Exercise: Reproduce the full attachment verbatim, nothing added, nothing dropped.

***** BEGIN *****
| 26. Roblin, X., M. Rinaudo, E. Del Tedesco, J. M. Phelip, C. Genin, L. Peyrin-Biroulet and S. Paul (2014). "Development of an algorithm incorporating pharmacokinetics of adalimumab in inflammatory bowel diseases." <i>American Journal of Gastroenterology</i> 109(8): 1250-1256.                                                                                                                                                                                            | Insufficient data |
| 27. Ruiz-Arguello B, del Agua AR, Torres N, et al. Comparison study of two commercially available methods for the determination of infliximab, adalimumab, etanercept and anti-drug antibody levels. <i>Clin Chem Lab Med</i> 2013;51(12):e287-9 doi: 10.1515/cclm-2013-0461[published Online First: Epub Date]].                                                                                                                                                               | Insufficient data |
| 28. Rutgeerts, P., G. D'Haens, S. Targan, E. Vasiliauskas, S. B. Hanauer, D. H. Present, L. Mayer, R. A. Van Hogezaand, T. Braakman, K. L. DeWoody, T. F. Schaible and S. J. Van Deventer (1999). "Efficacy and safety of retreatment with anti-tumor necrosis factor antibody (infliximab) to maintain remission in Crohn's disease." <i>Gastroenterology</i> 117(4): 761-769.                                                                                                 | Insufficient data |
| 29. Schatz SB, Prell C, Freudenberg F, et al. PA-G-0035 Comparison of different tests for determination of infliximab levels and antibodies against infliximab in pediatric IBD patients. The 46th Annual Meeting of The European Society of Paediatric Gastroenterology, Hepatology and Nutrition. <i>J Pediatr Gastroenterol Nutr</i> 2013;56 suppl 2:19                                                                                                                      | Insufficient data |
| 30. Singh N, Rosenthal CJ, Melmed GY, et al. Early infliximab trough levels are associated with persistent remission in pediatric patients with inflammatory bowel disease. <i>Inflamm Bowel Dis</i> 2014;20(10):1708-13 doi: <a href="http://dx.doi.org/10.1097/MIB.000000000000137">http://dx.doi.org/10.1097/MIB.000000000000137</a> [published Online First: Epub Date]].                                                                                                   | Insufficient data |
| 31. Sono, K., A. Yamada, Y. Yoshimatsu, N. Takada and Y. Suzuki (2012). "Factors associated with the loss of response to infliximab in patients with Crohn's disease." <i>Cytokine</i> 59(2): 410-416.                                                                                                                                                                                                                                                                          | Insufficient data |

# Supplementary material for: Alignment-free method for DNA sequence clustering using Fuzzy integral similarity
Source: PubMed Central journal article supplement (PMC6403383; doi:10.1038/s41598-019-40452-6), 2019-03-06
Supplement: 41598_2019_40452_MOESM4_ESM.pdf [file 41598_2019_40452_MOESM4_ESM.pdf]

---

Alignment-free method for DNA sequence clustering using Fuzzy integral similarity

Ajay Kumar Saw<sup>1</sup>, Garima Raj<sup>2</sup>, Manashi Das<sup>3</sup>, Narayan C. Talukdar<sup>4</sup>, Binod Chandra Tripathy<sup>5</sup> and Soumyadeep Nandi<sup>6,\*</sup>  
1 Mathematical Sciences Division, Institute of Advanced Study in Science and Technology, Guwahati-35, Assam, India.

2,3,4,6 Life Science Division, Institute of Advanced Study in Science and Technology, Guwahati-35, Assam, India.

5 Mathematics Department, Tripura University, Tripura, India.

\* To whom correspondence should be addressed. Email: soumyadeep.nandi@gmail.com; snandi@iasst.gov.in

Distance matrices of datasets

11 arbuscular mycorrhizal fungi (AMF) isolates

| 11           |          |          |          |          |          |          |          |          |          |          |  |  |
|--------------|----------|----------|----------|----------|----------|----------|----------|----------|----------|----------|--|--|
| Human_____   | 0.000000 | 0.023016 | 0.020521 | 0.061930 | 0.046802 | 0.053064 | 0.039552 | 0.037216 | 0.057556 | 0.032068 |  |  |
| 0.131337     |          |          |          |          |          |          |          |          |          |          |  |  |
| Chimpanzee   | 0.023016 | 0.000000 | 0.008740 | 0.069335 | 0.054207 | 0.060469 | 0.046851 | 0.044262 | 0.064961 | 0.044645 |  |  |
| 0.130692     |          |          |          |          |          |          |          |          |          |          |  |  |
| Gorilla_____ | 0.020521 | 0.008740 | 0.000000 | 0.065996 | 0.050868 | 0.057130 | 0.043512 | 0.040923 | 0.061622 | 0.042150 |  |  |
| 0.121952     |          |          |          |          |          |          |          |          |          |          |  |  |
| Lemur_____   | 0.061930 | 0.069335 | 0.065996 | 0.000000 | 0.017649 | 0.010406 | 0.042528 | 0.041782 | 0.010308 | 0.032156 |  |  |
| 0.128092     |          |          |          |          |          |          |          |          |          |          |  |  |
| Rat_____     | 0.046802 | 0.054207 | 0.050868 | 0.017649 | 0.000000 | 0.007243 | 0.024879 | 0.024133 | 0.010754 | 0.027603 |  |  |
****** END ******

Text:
| 26. Roblin, X., M. Rinaudo, E. Del Tedesco, J. M. Phelip, C. Genin, L. Peyrin-Biroulet and S. Paul (2014). "Development of an algorithm incorporating pharmacokinetics of adalimumab in inflammatory bowel diseases." <i>American Journal of Gastroenterology</i> 109(8): 1250-1256.                                                                                                                                                                                            | Insufficient data |
| 27. Ruiz-Arguello B, del Agua AR, Torres N, et al. Comparison study of two commercially available methods for the determination of infliximab, adalimumab, etanercept and anti-drug antibody levels. <i>Clin Chem Lab Med</i> 2013;51(12):e287-9 doi: 10.1515/cclm-2013-0461[published Online First: Epub Date]].                                                                                                                                                               | Insufficient data |
| 28. Rutgeerts, P., G. D'Haens, S. Targan, E. Vasiliauskas, S. B. Hanauer, D. H. Present, L. Mayer, R. A. Van Hogezaand, T. Braakman, K. L. DeWoody, T. F. Schaible and S. J. Van Deventer (1999). "Efficacy and safety of retreatment with anti-tumor necrosis factor antibody (infliximab) to maintain remission in Crohn's disease." <i>Gastroenterology</i> 117(4): 761-769.                                                                                                 | Insufficient data |
| 29. Schatz SB, Prell C, Freudenberg F, et al. PA-G-0035 Comparison of different tests for determination of infliximab levels and antibodies against infliximab in pediatric IBD patients. The 46th Annual Meeting of The European Society of Paediatric Gastroenterology, Hepatology and Nutrition. <i>J Pediatr Gastroenterol Nutr</i> 2013;56 suppl 2:19                                                                                                                      | Insufficient data |
| 30. Singh N, Rosenthal CJ, Melmed GY, et al. Early infliximab trough levels are associated with persistent remission in pediatric patients with inflammatory bowel disease. <i>Inflamm Bowel Dis</i> 2014;20(10):1708-13 doi: <a href="http://dx.doi.org/10.1097/MIB.000000000000137">http://dx.doi.org/10.1097/MIB.000000000000137</a> [published Online First: Epub Date]].                                                                                                   | Insufficient data |
| 31. Sono, K., A. Yamada, Y. Yoshimatsu, N. Takada and Y. Suzuki (2012). "Factors associated with the loss of response to infliximab in patients with Crohn's disease." <i>Cytokine</i> 59(2): 410-416.                                                                                                                                                                                                                                                                          | Insufficient data |

# Supplementary material for: Alignment-free method for DNA sequence clustering using Fuzzy integral similarity
Source: PubMed Central journal article supplement (PMC6403383; doi:10.1038/s41598-019-40452-6), 2019-03-06
Supplement: 41598_2019_40452_MOESM4_ESM.pdf [file 41598_2019_40452_MOESM4_ESM.pdf]

---

Alignment-free method for DNA sequence clustering using Fuzzy integral similarity

Ajay Kumar Saw<sup>1</sup>, Garima Raj<sup>2</sup>, Manashi Das<sup>3</sup>, Narayan C. Talukdar<sup>4</sup>, Binod Chandra Tripathy<sup>5</sup> and Soumyadeep Nandi<sup>6,\*</sup>  
1 Mathematical Sciences Division, Institute of Advanced Study in Science and Technology, Guwahati-35, Assam, India.

2,3,4,6 Life Science Division, Institute of Advanced Study in Science and Technology, Guwahati-35, Assam, India.

5 Mathematics Department, Tripura University, Tripura, India.

\* To whom correspondence should be addressed. Email: soumyadeep.nandi@gmail.com; snandi@iasst.gov.in

Distance matrices of datasets

11 arbuscular mycorrhizal fungi (AMF) isolates

| 11           |          |          |          |          |          |          |          |          |          |          |  |  |
|--------------|----------|----------|----------|----------|----------|----------|----------|----------|----------|----------|--|--|
| Human_____   | 0.000000 | 0.023016 | 0.020521 | 0.061930 | 0.046802 | 0.053064 | 0.039552 | 0.037216 | 0.057556 | 0.032068 |  |  |
| 0.131337     |          |          |          |          |          |          |          |          |          |          |  |  |
| Chimpanzee   | 0.023016 | 0.000000 | 0.008740 | 0.069335 | 0.054207 | 0.060469 | 0.046851 | 0.044262 | 0.064961 | 0.044645 |  |  |
| 0.130692     |          |          |          |          |          |          |          |          |          |          |  |  |
| Gorilla_____ | 0.020521 | 0.008740 | 0.000000 | 0.065996 | 0.050868 | 0.057130 | 0.043512 | 0.040923 | 0.061622 | 0.042150 |  |  |
| 0.121952     |          |          |          |          |          |          |          |          |          |          |  |  |
| Lemur_____   | 0.061930 | 0.069335 | 0.065996 | 0.000000 | 0.017649 | 0.010406 | 0.042528 | 0.041782 | 0.010308 | 0.032156 |  |  |
| 0.128092     |          |          |          |          |          |          |          |          |          |          |  |  |
| Rat_____     | 0.046802 | 0.054207 | 0.050868 | 0.017649 | 0.000000 | 0.007243 | 0.024879 | 0.024133 | 0.010754 | 0.027603 |  |  |